Margaret, who had a history of sexual abuse, thought she didn’t like sex. She had no orgasms with her husband and after they split, in a busy life raising children, working and going to school, she didn’t even bother to masturbate. She didn’t care.
Then, in her late ‘40s, she met the man who became her second husband. They had sex every day, and still do, after five years. She consistently has climaxes that transport her to “another realm,” she says. “I see a blue light.”
Yes, things can get that much better—from zero to ten, from nada to the blue light.
Like Margaret, we tend to believe our sexual capacity won’t change. In fact, it evolves as we age, and with changes in confidence, health, medication and partners.
And you can take charge.
Some women aren’t sure what orgasms are. If you feel a surge of relaxation, that may be it, for you, right now. On the other hand, you’re probably not coming if sex leaves you feeling edgy.
To get past the problem—or to be multi-orgasmic and bathed in bliss—you may have to make it a project.
The key is to explore and learn what’s best for you, says San Francisco sex therapist Linda Perlin Alperstein. Sexuality is so “highly individual,” she says, that people can change their experience significantly by varying minute details. That exploration, for many people, takes courage, though it needn’t require a partner or trip to a sex shop.
Consider these moves:
Explore your breath. Many women hold their breath near climax without thinking. A deep exhale can intensify it. Some women say that moaning intensifies their orgasms as well. If you’re worried about waking the kids, experiment with moaning into a pillow. Moan when it will help you—many women do it near the man’s climax, in order to encourage him.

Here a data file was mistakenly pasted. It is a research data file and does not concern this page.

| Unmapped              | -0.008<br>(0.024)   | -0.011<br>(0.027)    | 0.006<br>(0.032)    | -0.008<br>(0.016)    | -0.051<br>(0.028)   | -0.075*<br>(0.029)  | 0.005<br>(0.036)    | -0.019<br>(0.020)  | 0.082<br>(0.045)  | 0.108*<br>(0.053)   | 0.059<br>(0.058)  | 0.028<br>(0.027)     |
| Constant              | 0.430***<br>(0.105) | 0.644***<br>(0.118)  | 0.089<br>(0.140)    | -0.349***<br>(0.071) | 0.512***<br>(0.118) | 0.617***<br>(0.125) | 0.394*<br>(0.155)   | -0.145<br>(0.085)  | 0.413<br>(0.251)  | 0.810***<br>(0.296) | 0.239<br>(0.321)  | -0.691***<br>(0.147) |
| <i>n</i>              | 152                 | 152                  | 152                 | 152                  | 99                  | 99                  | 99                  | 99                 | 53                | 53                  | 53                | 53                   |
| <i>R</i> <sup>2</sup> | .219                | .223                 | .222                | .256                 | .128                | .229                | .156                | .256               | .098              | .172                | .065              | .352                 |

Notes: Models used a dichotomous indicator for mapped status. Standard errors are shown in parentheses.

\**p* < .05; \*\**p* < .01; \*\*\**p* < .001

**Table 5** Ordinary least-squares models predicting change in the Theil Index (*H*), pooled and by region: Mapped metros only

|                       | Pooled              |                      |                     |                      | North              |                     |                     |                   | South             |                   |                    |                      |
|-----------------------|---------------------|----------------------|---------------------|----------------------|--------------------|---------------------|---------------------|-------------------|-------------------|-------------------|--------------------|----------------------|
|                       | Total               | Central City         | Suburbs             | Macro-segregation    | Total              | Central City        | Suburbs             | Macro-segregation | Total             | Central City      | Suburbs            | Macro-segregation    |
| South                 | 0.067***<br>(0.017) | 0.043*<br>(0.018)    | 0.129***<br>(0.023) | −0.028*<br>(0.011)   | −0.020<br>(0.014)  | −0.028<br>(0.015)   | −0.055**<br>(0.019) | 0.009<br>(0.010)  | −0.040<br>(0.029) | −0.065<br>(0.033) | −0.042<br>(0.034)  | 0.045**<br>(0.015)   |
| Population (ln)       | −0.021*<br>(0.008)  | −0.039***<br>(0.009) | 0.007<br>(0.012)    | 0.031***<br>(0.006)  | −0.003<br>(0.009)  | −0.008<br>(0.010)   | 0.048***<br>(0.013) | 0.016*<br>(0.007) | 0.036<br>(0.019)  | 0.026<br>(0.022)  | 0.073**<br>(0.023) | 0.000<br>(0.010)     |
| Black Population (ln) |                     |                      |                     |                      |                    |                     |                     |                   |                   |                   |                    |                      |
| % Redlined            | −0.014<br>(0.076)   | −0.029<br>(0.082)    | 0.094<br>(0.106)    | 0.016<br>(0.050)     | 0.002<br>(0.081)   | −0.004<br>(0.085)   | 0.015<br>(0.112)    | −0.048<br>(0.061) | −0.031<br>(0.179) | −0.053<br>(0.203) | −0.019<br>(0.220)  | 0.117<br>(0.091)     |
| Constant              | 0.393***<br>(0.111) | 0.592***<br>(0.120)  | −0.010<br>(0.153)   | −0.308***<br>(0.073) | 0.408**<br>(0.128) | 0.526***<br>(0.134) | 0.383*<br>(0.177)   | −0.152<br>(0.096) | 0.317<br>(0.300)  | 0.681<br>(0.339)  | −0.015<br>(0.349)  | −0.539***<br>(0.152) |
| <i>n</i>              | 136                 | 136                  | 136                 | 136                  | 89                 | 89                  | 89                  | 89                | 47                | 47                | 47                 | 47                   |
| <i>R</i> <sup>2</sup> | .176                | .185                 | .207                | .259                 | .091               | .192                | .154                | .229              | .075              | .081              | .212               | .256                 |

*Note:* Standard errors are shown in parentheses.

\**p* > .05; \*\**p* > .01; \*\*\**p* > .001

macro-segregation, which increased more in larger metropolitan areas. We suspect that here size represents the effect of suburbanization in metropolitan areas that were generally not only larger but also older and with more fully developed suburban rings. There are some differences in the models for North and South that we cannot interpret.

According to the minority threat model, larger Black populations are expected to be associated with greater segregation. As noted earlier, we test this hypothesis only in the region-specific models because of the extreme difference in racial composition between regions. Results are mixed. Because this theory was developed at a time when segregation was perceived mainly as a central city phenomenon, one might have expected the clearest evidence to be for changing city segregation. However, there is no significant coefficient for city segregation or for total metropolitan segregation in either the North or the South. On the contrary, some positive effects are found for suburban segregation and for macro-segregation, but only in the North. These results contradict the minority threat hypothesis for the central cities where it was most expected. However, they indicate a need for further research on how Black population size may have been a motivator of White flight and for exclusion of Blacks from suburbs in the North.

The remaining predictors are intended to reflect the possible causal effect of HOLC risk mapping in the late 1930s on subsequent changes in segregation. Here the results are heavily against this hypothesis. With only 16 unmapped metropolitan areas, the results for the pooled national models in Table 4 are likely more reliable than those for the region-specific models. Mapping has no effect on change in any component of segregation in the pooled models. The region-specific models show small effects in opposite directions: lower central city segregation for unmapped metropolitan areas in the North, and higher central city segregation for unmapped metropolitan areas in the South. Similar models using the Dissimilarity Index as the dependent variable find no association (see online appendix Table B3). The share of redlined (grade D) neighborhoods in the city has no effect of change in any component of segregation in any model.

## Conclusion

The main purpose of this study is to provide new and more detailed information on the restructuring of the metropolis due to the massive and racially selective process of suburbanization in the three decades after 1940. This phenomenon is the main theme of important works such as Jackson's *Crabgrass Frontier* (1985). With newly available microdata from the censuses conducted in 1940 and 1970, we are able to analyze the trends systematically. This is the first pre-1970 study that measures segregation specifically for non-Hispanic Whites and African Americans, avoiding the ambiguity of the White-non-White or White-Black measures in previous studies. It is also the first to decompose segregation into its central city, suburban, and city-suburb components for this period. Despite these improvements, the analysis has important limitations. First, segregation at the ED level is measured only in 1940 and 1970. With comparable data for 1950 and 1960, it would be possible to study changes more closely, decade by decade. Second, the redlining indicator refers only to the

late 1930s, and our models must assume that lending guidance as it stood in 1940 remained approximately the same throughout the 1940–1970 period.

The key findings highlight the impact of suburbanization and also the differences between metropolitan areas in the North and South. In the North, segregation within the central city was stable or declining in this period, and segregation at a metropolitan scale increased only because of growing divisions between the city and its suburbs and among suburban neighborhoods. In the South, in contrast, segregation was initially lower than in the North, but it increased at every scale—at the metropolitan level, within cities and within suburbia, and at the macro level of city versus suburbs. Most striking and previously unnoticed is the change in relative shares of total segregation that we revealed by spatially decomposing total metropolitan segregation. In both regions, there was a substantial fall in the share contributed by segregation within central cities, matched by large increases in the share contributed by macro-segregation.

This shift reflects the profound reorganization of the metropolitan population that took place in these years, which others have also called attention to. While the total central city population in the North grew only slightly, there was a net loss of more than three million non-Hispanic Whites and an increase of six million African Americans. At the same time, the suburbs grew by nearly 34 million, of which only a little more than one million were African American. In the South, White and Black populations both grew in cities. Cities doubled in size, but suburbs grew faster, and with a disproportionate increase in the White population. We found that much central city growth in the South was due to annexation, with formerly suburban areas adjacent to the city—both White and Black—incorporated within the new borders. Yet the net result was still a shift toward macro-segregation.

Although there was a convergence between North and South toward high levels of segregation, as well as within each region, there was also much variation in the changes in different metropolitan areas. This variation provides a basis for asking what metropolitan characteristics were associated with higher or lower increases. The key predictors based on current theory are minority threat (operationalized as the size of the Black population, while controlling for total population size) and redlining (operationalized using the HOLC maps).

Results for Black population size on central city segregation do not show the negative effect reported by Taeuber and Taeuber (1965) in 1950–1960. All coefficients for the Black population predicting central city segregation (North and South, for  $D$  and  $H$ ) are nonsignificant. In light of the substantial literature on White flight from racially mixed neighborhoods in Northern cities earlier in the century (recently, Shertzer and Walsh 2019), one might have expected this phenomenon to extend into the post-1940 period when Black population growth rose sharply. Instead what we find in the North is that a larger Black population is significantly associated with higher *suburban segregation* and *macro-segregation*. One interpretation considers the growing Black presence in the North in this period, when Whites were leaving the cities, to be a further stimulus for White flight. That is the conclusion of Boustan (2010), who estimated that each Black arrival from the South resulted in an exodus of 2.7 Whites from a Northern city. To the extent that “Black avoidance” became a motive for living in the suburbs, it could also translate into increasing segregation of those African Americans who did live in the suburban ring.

MORE: Learn to Breathe More Deeply
If holding your breath has become a habit, practice exhaling and moaning in private sessions. A technique from the Indian Tantric tradition is to take 15-20 panting breaths, followed by a long exhale. Repeat this three times, as you approach orgasm.
By contrast, some women find that intentionally cutting off their air supply intensifies orgasms, sometimes by hanging their heads over the side of the bed. Or just try not putting your head on a pillow.
Strengthen your vaginal muscles. While urinating, stop the flow of urine, release and stop it again—you’re squeezing the muscles that contract during orgasm. If you try contracting your vaginal muscles when you’re not peeing, you may find that you’re actually squeezing your butt and abs. The pee-test confirms that you’re using your vaginal muscles.
Don’t do the exercise every time you pee; you might end up with bladder infections if you don’t fully empty your bladder. Instead, squeeze and relax throughout the day—for example, while doing dishes or driving (you may know this as "kegel exercises").
Now that you’re used to the sensation, squeeze and relax those muscles while directly stimulating your clitoris. You can also do it during intercourse—each time he thrusts, you relax, and squeeze as he exits.
As with any muscle building program, resistance weights up the ante. GyneFlex sells plastic tongs that you close and release with your vaginal muscles, starting with a lightweight plastic good for new mothers to a stiff pair for champs. Pelvinn sells bulb shaped plastic weights in six weights. Silicone Benwa balls can be worn during the day, so you can squeeze whenever you’re bored.
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